Europe begins construction of its first shuttle, Space Rider
The European Space Agency (ESA) signed two contracts for the construction of a reusable space shuttle called Space Rider. The agency plans the first launch in low orbit for 2023.
A contract of €167 million for the development of the shuttle was signed on December 9, 2020. The French-Italian Thales Alenia Space and the Italian Avio will together develop Space Rider, a small unmanned space shuttle.
About 10 meters (32 feet) long and 2.5 tons heavy, the spacecraft will serve as a laboratory for research in orbit. In order to do so, Space Rider will be able to stay in orbit for up to two months and return to land on Earth with an accuracy of 150 meters (500 feet). It will be able to embark 800 kilograms of customer payloads.
Among the applications, the ESA mentions experiments in microgravity for pharmaceutical and biological research, tests of robotic technologies for space exploration, instruments for observing the Earth, disaster monitoring, and for inspecting satellites. Most importantly, it will give the ESA crucial knowledge in atmospheric reentry and reuse technologies, which could open opportunities for European manned flight missions in the future.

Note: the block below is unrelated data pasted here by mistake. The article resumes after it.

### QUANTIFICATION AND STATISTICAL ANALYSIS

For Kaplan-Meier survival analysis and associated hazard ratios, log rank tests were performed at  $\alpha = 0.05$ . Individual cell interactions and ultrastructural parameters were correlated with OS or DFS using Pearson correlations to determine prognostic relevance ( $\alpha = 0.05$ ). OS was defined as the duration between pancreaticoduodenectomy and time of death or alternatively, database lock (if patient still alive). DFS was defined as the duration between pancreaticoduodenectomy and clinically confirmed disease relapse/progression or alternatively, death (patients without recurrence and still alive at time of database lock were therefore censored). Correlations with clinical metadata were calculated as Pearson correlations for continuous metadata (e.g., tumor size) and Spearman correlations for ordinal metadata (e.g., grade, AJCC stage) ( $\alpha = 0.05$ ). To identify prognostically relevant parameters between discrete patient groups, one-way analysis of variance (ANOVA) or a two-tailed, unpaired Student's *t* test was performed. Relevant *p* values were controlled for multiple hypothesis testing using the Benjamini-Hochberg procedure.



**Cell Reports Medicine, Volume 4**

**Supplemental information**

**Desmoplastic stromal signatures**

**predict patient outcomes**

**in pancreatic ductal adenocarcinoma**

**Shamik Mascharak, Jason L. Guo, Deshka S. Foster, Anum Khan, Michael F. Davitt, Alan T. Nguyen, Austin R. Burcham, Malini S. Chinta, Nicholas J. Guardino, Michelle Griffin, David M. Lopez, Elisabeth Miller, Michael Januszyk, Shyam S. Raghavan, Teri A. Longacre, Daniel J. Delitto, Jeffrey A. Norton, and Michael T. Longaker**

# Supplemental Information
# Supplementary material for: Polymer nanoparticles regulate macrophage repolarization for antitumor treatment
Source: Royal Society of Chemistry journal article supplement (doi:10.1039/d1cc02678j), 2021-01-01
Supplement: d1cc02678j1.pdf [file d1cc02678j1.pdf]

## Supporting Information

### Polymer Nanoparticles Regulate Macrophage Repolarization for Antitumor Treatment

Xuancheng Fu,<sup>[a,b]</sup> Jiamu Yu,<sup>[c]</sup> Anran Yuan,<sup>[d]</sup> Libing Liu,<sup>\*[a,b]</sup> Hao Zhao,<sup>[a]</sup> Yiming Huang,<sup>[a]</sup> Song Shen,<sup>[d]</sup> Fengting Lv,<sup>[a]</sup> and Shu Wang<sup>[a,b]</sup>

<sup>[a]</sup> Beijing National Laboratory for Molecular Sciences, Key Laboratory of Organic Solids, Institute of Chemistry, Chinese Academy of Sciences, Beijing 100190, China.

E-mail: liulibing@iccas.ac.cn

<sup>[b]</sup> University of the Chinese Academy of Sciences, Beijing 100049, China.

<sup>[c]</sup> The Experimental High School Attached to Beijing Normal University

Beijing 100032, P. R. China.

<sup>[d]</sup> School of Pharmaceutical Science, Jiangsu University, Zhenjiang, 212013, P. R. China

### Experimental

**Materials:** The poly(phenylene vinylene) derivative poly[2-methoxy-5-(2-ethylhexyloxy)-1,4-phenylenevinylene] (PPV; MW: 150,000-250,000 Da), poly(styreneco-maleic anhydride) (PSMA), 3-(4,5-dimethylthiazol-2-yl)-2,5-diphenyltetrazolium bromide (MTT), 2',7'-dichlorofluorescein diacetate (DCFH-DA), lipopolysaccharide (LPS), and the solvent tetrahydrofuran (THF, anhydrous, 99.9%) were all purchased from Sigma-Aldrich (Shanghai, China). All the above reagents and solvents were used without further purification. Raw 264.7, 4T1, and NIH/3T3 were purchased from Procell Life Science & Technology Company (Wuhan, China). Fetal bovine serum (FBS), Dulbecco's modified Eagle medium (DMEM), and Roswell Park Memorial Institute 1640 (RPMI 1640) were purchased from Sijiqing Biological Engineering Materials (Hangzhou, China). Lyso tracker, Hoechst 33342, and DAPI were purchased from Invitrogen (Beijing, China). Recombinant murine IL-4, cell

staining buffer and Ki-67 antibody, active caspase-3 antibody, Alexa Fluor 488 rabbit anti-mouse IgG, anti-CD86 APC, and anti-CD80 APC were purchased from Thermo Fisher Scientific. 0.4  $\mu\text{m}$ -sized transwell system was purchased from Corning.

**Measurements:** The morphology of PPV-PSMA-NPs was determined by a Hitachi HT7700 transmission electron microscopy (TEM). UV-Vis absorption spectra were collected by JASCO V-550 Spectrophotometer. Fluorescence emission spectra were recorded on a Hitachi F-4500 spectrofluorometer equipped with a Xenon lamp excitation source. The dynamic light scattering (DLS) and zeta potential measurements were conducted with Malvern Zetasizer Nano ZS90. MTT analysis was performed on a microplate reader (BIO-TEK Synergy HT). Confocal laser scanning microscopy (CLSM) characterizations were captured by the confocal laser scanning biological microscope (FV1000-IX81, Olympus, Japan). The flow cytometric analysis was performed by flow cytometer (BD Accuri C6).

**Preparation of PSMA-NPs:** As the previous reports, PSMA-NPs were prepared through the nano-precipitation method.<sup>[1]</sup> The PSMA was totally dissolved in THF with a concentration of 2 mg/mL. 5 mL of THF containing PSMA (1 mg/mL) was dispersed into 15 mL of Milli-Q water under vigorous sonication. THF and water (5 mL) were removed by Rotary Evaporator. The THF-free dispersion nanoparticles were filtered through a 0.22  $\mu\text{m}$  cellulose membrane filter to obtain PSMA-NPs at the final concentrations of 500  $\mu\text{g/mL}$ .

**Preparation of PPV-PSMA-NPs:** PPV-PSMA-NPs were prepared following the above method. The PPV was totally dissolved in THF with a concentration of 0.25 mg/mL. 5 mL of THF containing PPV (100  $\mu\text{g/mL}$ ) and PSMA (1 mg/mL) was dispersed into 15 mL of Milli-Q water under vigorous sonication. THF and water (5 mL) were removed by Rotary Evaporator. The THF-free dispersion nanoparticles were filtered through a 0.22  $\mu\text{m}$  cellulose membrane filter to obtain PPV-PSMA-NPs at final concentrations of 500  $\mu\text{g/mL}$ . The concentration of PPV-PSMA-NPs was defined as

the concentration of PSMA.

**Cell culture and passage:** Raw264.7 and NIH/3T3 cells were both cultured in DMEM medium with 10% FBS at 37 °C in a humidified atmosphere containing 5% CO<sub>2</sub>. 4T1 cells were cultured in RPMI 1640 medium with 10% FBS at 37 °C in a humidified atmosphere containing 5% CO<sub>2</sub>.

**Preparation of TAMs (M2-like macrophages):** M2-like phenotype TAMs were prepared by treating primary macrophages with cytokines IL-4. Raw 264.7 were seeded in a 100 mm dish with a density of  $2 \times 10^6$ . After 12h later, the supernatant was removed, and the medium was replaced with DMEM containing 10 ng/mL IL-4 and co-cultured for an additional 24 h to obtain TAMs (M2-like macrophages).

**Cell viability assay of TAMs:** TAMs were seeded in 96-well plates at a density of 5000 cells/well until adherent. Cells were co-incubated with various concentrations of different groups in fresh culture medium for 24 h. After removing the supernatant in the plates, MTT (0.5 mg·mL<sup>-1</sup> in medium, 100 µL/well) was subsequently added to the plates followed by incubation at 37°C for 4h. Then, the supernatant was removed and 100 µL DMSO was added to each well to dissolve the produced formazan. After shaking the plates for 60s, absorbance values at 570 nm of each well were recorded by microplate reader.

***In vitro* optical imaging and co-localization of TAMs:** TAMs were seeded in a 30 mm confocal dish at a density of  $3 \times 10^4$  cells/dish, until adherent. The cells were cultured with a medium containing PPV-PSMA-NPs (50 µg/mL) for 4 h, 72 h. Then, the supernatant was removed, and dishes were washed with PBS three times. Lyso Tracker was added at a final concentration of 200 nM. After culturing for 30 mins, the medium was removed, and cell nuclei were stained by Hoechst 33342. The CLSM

“These are major developments that will extend European know-how across a wide range of applications” explains Giorgio Tumino, the Chief Technical Advisor for Space Transportation and Head of Vega-C and Space Rider developments at ESA.
The program marks a new milestone in European space capabilities, 28 years after the space shuttle Hermès project was canceled. The first launch, aboard Arianespace’s Vega C rocket, is due to take place in Kourou Space Center, French Guiana, during the third quarter of 2023.
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